(6 of 6)
The only things scarier than the questions we can't answer are the answers we can't avoid. Somewhere in the back of our minds is the knowledge that stunned us that day--knowledge about how America is seen, about where democracies are vulnerable, about what we are capable of at our very best, what courage, what creativity, what kindness individually and collectively. That knowledge, now framed as memory, still poses a challenge. When we didn't know we had the strength, there was no shame in not using it. But now that we know what we can do, how do we excuse ourselves for falling back into the shallows? "In some pathetic way, I miss the realness of it all," says Nilsen, who still has an American flag propped up in a planter in her Des Moines kitchen: "People were real, and now we're back to all this petty politicking. Not that I want another bad thing to happen, but something in me misses the kind of country we were during those weeks."
The survivors and the soldiers on the front lines still live in that country. Most of us will just be visiting sometime in the next few weeks, dragged back by a thousand hours and pages of retrospective and elegy. We will be reminded of the destruction, relive the fury and fight again the battle between the change we value and the change we fear. We're not meant to have fixed everything by the big day; as with New Year's resolutions, anniversaries are a chance to take stock and keep working. And this first one is important because with each successive one, the memory may fade. Whatever other wars we fight together, this one we each get to fight alone, defending our habits and confidence and freedom against enemies who would destroy them and using as a weapon the skills we have built by doing so. We know more now. If only we can remember that we do.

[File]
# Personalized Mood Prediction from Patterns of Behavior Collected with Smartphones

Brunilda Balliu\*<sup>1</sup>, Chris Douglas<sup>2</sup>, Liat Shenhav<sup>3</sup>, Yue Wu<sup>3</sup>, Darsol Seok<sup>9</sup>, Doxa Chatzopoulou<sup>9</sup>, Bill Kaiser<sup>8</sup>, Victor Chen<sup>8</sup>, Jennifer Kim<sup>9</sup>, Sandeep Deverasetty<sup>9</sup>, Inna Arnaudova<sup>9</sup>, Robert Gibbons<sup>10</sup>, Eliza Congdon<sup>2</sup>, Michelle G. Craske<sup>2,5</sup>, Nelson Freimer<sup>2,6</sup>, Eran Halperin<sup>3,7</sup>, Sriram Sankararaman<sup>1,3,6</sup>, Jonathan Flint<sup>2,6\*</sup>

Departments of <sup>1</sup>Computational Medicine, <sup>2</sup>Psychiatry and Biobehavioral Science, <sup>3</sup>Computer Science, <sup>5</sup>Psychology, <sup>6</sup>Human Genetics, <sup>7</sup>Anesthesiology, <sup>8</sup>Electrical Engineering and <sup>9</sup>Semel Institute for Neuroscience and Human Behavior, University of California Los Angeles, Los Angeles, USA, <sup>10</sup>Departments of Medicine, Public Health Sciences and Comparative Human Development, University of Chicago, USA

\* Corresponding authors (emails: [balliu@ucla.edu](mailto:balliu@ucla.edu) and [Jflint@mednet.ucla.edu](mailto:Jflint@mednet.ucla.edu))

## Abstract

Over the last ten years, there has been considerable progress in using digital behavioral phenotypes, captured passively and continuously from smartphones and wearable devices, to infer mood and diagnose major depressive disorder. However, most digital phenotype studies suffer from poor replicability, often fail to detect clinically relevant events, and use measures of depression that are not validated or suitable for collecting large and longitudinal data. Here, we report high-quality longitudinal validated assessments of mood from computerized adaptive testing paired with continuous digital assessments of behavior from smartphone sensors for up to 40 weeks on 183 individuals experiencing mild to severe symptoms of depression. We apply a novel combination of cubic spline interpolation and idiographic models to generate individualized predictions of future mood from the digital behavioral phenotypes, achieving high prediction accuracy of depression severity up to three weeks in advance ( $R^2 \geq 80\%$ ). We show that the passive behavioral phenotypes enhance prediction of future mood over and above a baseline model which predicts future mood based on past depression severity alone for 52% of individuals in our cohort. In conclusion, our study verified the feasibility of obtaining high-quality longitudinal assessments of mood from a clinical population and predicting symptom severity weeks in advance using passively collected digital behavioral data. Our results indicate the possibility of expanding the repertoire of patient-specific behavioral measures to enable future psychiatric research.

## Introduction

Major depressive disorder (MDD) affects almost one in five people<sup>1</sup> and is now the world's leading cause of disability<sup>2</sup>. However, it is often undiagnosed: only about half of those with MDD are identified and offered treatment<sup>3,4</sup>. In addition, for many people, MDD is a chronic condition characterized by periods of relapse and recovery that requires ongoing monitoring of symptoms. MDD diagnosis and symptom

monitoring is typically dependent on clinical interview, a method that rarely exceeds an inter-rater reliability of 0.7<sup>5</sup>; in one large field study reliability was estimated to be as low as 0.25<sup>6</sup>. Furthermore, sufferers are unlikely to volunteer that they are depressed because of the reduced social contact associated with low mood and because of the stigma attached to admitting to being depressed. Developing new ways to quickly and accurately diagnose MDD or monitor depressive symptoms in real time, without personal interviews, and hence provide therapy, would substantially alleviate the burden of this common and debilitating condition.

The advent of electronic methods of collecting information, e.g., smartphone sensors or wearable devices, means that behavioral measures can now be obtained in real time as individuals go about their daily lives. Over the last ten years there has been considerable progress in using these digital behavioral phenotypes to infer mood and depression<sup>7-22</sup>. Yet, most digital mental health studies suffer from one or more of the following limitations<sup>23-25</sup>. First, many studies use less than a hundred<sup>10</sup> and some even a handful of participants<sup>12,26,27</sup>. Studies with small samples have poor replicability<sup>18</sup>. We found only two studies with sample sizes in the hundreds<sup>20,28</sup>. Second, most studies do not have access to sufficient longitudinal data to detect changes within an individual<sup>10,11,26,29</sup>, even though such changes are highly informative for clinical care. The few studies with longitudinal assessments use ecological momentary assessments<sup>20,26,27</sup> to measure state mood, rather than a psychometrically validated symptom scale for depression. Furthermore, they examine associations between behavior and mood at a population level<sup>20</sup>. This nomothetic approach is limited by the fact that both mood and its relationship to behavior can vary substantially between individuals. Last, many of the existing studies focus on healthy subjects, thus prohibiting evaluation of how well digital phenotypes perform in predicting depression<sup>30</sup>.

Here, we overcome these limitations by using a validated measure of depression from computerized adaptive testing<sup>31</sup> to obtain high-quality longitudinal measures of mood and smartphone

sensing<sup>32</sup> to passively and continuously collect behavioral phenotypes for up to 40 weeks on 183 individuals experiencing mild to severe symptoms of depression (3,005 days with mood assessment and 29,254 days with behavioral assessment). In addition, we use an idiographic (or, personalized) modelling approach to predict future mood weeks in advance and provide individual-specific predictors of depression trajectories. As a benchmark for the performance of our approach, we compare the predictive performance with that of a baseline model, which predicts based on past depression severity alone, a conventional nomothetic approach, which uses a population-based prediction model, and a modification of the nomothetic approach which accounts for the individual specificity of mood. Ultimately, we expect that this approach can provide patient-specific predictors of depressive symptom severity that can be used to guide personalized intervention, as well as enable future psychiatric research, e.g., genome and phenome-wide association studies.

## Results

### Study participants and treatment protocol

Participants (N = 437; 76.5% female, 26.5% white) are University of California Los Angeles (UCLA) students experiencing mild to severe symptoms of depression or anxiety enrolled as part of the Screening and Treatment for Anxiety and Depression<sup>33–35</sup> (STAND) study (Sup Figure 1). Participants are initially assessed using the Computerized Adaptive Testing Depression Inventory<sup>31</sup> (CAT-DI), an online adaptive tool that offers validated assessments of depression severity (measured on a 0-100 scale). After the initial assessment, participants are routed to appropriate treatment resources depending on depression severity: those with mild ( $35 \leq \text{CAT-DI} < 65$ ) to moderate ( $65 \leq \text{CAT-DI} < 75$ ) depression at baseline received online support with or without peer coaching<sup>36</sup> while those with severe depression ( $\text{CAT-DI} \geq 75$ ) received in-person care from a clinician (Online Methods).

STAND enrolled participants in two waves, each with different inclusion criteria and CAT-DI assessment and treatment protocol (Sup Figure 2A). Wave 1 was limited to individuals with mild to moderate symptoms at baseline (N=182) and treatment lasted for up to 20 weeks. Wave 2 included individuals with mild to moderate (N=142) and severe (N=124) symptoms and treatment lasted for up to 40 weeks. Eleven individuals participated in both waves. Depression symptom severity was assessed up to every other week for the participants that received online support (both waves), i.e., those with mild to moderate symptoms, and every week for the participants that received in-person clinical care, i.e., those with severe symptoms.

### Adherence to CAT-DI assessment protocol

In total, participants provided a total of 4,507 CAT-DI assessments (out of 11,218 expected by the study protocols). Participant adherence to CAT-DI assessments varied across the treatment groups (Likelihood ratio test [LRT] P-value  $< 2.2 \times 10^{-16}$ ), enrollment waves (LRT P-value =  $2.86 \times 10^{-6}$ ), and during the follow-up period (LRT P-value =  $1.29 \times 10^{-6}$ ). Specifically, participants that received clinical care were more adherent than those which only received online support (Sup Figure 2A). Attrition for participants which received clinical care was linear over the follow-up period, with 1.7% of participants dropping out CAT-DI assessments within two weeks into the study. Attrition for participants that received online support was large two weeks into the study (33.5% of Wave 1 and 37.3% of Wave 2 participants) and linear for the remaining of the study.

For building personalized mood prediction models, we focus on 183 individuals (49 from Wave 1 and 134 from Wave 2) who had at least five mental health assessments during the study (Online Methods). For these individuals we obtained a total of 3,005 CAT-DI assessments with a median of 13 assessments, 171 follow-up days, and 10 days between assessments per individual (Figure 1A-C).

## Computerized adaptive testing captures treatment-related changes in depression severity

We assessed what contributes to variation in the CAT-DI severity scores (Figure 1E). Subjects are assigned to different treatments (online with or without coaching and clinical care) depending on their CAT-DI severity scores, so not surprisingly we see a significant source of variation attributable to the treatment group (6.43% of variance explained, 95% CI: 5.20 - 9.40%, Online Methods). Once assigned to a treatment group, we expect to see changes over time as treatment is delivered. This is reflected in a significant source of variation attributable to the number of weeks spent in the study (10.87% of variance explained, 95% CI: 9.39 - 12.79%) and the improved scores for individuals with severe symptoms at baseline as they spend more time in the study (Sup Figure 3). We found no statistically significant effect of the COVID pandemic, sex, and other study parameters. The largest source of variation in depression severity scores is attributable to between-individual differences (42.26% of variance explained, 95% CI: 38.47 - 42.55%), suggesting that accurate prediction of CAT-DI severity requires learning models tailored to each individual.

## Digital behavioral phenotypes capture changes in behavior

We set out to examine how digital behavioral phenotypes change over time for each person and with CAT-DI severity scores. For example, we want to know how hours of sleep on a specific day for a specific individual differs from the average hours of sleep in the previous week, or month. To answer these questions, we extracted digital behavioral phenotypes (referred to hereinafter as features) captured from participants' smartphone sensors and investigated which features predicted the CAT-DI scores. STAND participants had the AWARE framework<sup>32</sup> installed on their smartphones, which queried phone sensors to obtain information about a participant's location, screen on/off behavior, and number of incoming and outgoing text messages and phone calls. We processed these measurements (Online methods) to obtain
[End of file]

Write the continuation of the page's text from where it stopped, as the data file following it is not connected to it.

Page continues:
--Reported by Michael Duffy/Washington, Harlene Ellin/Chicago, Deborah Fowler/Houston, Mitch Frank/New York and Betsy Rubiner/Des Moines
Photographs by Sean Hemmerle, who, inspired by World Trade Center photographs taken before and on 9/11, revisited the site to see how the landscape had changed almost one year later